An application for an order shortening the time for a hearing in California is the topic of this blog post.
An application for an order shortening the time for a hearing in California is virtually always done using an ex parte application.
There are certain situations in civil litigation in California where an application for an order shortening time is necessary such as:
Situations where a trial date is fast approaching and there is not enough time for a motion, such as a discovery motion, to be heard on regular notice. This is due to the fact that Code of Civil Procedure section 2024.020(a) states that all discovery motions must be heard at least fifteen (15) calendar days before the trial date.
Situations where the moving party wants to request a continuance of a trial on the grounds that they need additional time to obtain evidence, an essential witness is not available to testify on the scheduled trial date, etc.
Thus, obtaining an order shortening the time for hearing is a very useful tool in California litigation. However, any party seeking ex-parte relief in California should state in the first paragraph of the ex-parte application the irreparable harm that will result if the Court does not grant the requested relief on an ex-parte basis. Many if not most Judges will deny any ex-parte application that does not state the information just mentioned. In fact in the author’s experience he has noticed that many Judges state that very fact in their listing of practices and procedures for their Courtroom.
Law that authorizes an application for an order shortening time for hearing in California.
Code of Civil Procedure Section 1005(b) states in pertinent part that, “The court, or a judge thereof, may prescribe a shorter time.”
California Rule of Court 3.1300(b) states that,
“The court, on its own motion or on application for an order shortening time supported by a declaration showing good cause, may prescribe shorter times for the filing and service of papers than the times specified in Code of Civil Procedure section 1005. “
California law states that a party seeking an ex parte order must notify all parties no later than 10:00 a.m. the court day before the ex parte appearance unless a showing of exceptional circumstances justifying shorter notice is made. A declaration must be filed with the Court giving the details of when, and how notice was given to the opposing party. A proposed Order should also be submitted when the ex-parte documents are filed with the Court.
California Rule of Court 3.1203(a) states that, “A party seeking an ex parte order must notify all parties no later than 10:00 a.m. the court day before the ex parte appearance, absent a showing of exceptional circumstances that justify a shorter time for notice.”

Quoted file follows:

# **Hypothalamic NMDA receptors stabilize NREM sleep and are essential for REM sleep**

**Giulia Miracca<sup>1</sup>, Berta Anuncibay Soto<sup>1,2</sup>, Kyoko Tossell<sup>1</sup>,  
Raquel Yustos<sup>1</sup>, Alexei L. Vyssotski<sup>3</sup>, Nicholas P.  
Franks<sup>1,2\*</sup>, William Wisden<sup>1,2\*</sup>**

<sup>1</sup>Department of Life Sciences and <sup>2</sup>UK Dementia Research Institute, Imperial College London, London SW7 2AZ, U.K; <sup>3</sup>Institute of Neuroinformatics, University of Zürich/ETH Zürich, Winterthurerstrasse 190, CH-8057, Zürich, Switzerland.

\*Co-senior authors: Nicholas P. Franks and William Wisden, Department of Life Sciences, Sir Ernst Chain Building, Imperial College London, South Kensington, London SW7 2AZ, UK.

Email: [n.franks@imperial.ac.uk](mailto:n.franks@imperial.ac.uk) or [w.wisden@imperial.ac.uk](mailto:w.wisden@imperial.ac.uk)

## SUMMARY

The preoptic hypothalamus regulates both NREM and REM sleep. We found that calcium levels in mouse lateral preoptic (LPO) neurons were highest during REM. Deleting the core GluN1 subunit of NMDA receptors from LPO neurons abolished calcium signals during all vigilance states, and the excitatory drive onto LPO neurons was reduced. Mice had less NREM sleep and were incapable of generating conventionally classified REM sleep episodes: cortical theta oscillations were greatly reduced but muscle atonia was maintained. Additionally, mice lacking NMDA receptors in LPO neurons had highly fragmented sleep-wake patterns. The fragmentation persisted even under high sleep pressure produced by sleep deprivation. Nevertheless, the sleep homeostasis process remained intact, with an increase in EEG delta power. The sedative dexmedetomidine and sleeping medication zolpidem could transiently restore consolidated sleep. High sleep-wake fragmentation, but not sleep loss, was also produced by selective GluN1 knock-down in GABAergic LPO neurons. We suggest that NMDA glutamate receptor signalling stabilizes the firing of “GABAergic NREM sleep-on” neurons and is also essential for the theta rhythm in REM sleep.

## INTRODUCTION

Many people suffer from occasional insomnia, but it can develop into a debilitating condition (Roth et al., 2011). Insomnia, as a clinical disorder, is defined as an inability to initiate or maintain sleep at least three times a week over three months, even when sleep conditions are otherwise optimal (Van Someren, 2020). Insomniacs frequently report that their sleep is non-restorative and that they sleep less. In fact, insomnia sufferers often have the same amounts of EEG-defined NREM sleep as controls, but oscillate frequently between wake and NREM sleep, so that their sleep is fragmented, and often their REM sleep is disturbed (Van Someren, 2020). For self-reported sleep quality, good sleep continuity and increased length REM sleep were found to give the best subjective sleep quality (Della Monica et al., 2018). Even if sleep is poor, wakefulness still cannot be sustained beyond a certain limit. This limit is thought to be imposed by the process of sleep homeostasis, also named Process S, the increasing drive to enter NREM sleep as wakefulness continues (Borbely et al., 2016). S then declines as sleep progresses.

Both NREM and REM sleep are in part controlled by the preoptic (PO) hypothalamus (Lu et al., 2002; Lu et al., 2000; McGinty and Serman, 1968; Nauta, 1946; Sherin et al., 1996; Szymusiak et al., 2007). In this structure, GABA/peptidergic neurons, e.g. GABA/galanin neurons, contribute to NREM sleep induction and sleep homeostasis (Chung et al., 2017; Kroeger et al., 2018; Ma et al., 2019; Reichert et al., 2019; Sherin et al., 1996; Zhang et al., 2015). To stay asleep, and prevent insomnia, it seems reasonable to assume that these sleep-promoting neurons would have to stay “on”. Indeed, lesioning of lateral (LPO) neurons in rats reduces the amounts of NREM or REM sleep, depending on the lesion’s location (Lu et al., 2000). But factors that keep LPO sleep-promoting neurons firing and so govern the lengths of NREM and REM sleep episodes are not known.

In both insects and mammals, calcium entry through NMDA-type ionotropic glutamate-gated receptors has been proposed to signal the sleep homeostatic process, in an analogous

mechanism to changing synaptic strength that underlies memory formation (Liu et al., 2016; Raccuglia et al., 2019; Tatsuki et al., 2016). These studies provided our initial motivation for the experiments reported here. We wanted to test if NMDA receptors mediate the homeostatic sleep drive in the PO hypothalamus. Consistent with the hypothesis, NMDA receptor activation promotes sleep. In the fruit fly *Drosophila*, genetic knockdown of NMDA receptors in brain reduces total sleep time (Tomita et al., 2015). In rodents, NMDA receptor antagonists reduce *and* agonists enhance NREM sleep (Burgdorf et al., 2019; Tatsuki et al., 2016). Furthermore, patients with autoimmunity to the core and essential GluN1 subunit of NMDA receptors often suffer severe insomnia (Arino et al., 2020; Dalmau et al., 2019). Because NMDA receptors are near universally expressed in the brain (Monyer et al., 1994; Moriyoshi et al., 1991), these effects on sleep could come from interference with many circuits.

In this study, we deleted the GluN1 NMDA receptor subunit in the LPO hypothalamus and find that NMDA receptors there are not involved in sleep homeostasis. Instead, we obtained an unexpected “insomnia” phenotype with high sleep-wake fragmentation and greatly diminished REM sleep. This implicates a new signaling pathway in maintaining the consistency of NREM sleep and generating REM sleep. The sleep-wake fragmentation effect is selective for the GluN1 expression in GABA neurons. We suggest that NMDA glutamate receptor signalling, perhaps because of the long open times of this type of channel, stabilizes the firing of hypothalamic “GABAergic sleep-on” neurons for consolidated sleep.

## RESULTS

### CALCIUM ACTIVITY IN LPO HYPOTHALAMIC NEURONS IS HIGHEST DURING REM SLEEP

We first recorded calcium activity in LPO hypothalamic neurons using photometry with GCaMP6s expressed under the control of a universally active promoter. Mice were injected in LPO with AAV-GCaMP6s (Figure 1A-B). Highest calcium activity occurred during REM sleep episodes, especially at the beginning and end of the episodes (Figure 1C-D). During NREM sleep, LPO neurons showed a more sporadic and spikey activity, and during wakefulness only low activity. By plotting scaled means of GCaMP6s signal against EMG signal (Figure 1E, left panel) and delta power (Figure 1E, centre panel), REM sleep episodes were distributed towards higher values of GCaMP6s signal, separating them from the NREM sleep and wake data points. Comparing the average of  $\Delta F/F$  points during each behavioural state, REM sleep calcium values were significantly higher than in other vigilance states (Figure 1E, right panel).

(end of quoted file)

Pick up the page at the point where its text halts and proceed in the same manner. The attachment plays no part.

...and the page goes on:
If you are in a situation where you need to obtain an order shortening time you should contact an experienced civil litigation attorney immediately as the local rules for each Court in California may be different. Additionally many individual Judges and Commissioners have their own rules requiring that telephonic notice be given to the Court clerk at a certain specified time, generally the day before the hearing, they may also require that a copy of the ex-parte application and all supporting documents, including the proposed order, be filed, and then given to the Court clerk at either the same time as the telephonic notice, or at another specified time.
An experienced litigation attorney can evaluate your situation and determine if the circumstances of your case entitle you to file an application for an order shortening time in California. Contact attorney Nathan Mubasher for a free consultation and evaluation of your case.
Experienced civil litigation attorney in Southern California.
Schedule a free consultation today with attorney Nathan Mubasher.
Call (800) 691-2721 and let’s talk about your options.
CONTACT INFORMATION FOR NATHAN MUBASHER:
Law Offices of Nathan Mubasher
2621 Green River Rd, Ste 105 PMB 403
Corona, CA 92882
tel 1-800-691-2721 | fax 1-310-356-3660
Thank you for reading. I hope I could have been educational as I endeavor to provide my knowledge as a free public service. Please note that all the materials and information on this blog are general analyses made available for the public’s general informational purposes only. These analyses are not in any way intended to serve as specific legal advice to be applied in your particular situation. Although I am an attorney, absent a signed retention and engagement letter, I am not your attorney. There are no exceptions to this rule. Moreover, you shall not rely on the information I am providing you, as it is only for your general knowledge and educational purposes, since this information would likely change based on any additional facts. Thus the transmission and receipt of information on this blog by anyone does not form or constitute an attorney-client relationship. My knowledge of laws is limited to California. Anyone receiving any information on this blog should not act upon the information provided without first obtaining the services of professional legal counsel licensed in their respective jurisdiction. Best of luck.